The famous Human Development Report is a case in point and there are a number of creative U.N. research programmes such as the U.N. Research Institute for Social Development, the U.N. University, and the World Institute for Development Economic Research. They have produced creative and influential reports and shaped policies in good directions.
Unfortunately, many excellent U.N. intellectual initiatives have been shut down for transgressing powerful interests. In 1993, the Secretary-General closed the innovative Center on Transnational Corporations, which investigated corporate behaviour and economic malfeasance at the international level.
Threats from the U.S. Congress forced the Office of Development Studies at UNDP to suddenly and ignominiously abandonment its project on global taxes. Financial and political pressures also have blunted the originality and vitality of the Human Development Report. Among the research institutions, budgets have regularly been cut and research outsourced. Creative thinkers have drifted away.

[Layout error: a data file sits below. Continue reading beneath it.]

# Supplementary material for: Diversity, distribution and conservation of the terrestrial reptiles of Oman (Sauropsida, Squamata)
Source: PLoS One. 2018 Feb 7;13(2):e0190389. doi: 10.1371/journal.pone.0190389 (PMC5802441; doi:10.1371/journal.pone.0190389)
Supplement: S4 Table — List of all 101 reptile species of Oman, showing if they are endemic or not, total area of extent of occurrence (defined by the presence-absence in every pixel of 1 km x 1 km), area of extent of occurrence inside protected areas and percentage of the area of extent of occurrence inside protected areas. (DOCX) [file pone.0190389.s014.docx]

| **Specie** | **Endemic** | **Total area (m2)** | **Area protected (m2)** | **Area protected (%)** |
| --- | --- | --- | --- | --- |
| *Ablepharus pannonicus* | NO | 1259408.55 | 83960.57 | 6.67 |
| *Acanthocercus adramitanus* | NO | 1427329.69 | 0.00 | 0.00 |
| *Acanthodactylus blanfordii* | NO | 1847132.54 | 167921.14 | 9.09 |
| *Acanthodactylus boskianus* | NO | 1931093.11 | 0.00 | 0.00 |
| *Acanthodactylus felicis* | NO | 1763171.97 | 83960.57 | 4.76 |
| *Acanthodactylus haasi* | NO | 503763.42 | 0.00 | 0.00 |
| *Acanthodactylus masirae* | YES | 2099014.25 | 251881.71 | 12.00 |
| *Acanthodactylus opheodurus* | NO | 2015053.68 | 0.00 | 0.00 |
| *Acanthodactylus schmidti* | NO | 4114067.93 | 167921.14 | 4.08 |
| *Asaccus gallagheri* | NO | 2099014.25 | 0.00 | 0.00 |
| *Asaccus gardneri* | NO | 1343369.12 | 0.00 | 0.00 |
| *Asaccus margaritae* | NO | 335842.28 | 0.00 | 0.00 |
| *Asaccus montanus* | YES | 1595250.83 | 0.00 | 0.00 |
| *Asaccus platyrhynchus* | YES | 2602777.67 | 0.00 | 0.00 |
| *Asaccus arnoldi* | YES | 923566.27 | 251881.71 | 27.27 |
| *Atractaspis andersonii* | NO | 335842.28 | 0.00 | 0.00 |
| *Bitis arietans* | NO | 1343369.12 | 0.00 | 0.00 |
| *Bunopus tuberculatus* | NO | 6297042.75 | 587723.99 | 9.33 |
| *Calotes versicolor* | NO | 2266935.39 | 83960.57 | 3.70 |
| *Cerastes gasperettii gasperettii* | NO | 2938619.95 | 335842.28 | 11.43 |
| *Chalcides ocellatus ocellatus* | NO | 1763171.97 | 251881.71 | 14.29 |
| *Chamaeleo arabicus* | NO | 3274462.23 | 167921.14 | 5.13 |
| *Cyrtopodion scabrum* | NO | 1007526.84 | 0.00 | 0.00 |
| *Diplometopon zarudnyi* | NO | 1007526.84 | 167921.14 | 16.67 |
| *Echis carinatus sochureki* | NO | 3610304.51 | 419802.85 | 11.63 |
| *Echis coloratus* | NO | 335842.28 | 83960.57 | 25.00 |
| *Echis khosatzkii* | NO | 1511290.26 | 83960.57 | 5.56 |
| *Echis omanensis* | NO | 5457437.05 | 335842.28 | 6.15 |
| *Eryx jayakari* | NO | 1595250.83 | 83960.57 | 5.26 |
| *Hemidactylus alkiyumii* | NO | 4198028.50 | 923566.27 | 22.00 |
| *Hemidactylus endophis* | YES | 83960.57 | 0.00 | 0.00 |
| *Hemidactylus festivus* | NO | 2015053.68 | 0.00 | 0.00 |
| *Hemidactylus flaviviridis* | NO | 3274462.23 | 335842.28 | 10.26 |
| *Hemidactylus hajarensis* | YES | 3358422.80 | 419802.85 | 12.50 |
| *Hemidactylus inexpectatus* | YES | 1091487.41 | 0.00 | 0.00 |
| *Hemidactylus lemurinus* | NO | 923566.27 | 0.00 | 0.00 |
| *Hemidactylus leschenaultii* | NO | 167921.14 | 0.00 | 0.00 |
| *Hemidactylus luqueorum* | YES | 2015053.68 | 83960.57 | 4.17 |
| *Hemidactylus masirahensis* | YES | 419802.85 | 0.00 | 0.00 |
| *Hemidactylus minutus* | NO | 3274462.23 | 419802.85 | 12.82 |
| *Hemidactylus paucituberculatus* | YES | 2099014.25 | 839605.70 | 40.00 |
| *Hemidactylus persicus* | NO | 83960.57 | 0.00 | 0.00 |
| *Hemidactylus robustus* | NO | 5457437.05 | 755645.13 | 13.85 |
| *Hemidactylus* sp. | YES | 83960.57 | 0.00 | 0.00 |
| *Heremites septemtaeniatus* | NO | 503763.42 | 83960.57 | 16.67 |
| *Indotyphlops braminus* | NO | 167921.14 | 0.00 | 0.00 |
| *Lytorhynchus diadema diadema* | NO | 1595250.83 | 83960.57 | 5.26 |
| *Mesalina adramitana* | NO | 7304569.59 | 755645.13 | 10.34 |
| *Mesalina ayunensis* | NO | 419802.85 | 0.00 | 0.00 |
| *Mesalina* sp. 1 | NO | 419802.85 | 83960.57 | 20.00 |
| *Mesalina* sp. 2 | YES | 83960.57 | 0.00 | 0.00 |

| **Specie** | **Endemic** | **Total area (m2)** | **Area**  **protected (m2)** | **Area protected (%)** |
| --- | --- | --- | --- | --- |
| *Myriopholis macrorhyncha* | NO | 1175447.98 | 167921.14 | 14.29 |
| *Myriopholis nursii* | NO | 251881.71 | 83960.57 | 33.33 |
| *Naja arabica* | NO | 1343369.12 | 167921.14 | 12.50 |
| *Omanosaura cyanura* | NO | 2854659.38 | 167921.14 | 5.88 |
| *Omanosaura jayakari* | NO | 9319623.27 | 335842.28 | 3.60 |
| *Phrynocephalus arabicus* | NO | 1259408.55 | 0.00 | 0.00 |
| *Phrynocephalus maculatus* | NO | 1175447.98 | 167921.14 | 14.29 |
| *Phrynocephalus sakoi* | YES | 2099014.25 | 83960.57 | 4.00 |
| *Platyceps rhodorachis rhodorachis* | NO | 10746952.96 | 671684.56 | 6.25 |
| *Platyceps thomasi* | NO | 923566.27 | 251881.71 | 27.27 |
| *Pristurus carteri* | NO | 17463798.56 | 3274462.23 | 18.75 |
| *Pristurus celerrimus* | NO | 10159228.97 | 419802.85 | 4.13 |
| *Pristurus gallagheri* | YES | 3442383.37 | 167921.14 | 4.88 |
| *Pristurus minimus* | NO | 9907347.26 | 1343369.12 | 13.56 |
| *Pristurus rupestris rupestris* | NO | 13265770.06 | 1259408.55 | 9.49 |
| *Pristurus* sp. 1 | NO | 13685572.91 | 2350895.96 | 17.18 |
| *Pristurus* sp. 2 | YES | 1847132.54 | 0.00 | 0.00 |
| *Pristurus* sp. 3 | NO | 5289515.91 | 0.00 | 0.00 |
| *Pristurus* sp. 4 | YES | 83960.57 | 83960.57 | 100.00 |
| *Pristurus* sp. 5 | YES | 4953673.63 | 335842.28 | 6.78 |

Clearly, the U.N.’s seventieth anniversary does not justify self-congratulation or even a credible argument that the “glass is half full.” Though many U.N. agencies, funds and programmes like UNICEF and the World Health Organisation carry out important and indispensable work, the trajectory of the U.N. as a whole is not encouraging and the shrinking financial base is cause for great concern.
As climate change gathers force in the immediate future, setting off mass migration, political instability, violence and even food supply failure, there will be increasing calls for action among the world’s people.
The public may even demand a stronger U.N. that can carry out emergency measures. It’s hard, though, to imagine the U.N. taking up great new responsibilities without a massive and possibly lengthy overhaul.
Rather than waiting for disaster to arrive in full force, citizens should demand now a functional, effective and strong world body, democratic and proactive, protecting the environment, advancing peace, and working in the people’s interest.
Edited by Kitty Stapp
Part One of this article can be found here.